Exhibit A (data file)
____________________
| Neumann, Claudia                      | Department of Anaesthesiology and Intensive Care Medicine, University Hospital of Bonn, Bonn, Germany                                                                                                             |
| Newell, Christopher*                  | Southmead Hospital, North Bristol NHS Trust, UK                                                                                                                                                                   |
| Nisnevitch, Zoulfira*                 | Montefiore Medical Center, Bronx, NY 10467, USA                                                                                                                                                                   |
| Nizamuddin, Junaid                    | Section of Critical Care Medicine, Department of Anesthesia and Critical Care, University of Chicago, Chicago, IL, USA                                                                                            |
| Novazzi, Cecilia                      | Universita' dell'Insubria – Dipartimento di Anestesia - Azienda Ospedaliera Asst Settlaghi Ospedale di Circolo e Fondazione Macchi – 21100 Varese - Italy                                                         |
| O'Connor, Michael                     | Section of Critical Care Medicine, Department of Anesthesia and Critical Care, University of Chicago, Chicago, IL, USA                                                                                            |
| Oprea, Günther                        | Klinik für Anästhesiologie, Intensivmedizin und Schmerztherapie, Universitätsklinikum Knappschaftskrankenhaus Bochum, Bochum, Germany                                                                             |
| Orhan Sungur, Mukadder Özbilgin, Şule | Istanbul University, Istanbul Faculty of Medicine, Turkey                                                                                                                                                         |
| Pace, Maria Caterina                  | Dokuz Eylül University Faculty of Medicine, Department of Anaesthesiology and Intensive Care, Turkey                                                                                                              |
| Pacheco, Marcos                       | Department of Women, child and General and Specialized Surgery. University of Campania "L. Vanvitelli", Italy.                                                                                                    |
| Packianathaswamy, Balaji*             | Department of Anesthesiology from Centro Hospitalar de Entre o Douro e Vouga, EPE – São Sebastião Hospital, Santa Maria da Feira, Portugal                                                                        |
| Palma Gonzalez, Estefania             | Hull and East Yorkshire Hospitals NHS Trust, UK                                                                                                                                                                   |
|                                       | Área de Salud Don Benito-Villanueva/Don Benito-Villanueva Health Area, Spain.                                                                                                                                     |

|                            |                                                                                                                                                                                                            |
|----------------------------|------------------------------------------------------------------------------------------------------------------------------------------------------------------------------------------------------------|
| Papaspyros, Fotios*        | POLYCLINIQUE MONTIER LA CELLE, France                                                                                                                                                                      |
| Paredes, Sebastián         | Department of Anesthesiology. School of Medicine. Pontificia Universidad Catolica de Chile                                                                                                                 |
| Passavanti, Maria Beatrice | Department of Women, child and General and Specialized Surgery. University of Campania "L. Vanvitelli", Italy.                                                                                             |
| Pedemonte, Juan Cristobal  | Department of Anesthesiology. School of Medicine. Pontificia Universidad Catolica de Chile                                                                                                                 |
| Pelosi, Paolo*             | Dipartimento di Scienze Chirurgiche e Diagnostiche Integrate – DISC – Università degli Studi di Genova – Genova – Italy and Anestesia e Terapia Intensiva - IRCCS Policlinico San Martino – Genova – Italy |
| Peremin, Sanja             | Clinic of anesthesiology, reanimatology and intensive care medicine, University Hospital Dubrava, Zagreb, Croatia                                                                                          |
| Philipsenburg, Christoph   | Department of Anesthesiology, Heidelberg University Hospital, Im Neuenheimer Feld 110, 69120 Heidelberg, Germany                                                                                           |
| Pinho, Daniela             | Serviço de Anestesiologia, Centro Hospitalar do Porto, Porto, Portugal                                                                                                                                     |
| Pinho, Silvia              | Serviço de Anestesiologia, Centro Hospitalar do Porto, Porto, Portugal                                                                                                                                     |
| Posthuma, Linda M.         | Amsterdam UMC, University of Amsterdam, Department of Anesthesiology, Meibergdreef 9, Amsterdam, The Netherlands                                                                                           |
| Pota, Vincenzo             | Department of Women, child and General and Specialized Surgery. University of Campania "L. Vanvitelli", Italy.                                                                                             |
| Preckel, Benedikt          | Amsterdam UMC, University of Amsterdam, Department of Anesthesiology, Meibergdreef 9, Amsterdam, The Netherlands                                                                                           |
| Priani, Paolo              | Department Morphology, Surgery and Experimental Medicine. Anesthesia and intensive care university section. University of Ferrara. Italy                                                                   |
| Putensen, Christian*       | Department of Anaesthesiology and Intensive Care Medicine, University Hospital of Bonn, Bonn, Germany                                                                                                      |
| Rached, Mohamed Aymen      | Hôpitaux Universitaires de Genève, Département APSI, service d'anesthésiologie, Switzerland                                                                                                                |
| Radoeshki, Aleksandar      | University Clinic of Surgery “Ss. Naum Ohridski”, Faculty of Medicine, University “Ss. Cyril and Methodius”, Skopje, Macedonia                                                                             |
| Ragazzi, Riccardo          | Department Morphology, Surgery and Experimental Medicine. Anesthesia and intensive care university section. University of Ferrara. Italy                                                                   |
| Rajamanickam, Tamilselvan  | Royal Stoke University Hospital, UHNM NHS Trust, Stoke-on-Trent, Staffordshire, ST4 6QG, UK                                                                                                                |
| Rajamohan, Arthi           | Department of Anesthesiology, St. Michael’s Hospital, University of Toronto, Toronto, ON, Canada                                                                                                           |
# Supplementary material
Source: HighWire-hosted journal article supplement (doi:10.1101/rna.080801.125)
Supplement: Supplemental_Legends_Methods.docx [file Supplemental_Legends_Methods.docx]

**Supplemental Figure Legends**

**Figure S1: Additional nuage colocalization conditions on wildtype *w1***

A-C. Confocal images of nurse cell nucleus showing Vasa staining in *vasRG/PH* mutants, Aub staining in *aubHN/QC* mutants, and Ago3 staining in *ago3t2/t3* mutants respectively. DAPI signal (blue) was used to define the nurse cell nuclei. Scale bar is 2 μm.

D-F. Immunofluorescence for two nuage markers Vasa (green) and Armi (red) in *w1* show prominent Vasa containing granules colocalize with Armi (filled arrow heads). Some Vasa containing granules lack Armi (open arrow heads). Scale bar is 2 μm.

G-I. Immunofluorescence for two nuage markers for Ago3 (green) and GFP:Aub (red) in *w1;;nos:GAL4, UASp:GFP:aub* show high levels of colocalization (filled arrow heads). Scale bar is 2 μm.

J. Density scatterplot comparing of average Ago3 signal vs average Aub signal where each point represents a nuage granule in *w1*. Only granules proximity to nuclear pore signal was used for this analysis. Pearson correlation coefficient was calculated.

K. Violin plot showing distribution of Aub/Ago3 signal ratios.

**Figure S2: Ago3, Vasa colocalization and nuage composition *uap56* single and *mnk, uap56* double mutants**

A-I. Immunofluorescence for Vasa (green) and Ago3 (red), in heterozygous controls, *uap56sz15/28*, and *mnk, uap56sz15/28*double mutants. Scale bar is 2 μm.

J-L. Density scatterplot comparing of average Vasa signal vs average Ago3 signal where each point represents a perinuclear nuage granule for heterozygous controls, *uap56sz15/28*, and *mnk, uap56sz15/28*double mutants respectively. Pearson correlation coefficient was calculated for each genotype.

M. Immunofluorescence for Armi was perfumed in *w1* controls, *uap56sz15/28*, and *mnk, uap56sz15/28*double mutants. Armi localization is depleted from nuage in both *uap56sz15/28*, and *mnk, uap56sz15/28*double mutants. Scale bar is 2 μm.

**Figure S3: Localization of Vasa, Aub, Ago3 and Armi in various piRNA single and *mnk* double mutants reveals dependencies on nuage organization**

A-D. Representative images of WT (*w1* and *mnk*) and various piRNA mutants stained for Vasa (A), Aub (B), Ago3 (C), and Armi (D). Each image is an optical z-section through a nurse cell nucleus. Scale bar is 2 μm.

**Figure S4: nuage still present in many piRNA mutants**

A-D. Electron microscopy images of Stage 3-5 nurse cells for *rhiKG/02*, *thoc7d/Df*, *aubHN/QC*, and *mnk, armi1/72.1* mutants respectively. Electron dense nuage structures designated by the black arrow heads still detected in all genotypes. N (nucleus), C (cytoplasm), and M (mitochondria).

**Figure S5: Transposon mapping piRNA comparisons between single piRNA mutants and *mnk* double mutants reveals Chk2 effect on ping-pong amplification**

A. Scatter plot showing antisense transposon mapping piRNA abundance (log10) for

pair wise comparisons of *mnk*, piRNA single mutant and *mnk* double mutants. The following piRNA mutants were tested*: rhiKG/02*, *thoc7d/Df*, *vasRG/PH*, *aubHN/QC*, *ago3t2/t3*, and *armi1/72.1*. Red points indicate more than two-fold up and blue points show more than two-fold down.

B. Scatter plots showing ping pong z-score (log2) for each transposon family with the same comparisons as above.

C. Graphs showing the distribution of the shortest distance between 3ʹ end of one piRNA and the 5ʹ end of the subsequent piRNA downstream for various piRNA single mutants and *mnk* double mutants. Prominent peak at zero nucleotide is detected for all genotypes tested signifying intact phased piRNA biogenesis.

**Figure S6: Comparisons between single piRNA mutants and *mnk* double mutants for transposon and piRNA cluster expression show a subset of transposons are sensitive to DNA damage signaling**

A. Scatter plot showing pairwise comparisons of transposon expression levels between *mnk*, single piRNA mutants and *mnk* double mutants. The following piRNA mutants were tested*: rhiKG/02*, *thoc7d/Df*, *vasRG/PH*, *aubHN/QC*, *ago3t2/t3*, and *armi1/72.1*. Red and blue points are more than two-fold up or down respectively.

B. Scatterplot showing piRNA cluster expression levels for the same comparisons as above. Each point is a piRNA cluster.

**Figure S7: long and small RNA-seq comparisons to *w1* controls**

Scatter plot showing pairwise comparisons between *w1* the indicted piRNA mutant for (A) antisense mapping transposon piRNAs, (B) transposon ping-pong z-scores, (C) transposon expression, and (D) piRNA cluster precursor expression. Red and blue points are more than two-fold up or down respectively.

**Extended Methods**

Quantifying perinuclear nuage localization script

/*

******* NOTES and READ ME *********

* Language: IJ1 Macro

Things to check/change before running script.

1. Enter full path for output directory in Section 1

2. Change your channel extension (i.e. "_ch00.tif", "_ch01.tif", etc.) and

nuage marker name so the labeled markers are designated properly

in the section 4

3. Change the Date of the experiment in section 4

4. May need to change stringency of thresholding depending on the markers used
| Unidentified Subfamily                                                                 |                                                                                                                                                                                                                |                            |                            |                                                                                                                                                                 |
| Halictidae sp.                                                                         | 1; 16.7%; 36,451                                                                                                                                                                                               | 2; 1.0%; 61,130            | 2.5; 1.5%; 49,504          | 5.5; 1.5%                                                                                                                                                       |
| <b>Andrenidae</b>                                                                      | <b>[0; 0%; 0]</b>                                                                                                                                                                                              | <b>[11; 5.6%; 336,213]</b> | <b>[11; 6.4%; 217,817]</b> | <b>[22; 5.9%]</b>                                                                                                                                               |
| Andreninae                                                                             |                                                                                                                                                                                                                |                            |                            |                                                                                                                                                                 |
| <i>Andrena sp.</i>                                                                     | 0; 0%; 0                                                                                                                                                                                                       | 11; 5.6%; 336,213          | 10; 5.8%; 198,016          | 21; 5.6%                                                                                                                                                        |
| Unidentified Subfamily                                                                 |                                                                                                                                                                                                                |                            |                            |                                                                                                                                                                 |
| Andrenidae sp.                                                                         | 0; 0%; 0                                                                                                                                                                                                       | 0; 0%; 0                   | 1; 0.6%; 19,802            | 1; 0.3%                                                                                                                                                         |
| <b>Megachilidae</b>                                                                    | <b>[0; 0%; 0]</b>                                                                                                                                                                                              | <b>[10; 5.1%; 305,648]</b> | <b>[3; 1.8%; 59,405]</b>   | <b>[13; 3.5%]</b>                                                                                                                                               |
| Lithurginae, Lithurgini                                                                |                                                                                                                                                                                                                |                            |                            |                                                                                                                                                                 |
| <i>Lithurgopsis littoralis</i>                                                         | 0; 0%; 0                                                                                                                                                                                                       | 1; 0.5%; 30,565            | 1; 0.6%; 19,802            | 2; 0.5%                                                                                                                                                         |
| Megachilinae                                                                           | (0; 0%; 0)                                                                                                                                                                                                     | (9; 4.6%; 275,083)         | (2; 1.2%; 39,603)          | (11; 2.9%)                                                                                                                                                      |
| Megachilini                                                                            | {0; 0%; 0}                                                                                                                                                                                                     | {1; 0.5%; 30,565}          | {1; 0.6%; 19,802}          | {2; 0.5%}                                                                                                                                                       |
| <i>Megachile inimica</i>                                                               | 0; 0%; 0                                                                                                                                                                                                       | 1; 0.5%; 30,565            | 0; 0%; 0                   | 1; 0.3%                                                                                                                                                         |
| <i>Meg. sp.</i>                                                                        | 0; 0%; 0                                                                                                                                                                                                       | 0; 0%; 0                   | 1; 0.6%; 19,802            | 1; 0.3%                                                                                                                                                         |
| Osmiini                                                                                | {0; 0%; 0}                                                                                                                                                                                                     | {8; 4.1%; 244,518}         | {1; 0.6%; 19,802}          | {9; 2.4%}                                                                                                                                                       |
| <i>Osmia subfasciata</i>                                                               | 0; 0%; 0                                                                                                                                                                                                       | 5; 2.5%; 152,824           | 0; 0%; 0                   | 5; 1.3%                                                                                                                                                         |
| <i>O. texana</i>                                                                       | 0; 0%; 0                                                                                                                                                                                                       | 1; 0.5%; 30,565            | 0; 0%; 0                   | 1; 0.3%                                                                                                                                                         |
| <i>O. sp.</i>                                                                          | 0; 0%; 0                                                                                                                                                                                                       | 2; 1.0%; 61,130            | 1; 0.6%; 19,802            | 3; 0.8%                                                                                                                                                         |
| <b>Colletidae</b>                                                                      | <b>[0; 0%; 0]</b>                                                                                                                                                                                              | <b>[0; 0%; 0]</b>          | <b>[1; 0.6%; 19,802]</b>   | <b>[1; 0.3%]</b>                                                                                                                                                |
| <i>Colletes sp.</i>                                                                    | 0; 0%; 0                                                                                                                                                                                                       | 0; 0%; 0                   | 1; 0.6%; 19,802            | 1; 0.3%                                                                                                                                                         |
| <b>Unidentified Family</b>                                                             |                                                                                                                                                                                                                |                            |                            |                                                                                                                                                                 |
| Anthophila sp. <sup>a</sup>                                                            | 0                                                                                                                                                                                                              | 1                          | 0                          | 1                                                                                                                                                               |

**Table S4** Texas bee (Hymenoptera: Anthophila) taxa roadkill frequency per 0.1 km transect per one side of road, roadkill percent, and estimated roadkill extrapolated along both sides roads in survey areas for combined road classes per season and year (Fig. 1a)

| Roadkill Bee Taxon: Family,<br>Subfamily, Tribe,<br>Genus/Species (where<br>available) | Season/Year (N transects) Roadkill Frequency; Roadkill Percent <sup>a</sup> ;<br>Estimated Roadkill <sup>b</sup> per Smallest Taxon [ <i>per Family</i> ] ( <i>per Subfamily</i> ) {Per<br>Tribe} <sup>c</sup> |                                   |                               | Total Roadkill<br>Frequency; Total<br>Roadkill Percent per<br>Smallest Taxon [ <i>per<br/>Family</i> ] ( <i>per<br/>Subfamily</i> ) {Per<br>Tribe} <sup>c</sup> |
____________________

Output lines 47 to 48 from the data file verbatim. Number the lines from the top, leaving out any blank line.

J-L. Density scatterplot comparing of average Vasa signal vs average Ago3 signal where each point represents a perinuclear nuage granule for heterozygous controls, *uap56sz15/28*, and *mnk, uap56sz15/28*double mutants respectively. Pearson correlation coefficient was calculated for each genotype.

M. Immunofluorescence for Armi was perfumed in *w1* controls, *uap56sz15/28*, and *mnk, uap56sz15/28*double mutants. Armi localization is depleted from nuage in both *uap56sz15/28*, and *mnk, uap56sz15/28*double mutants. Scale bar is 2 μm.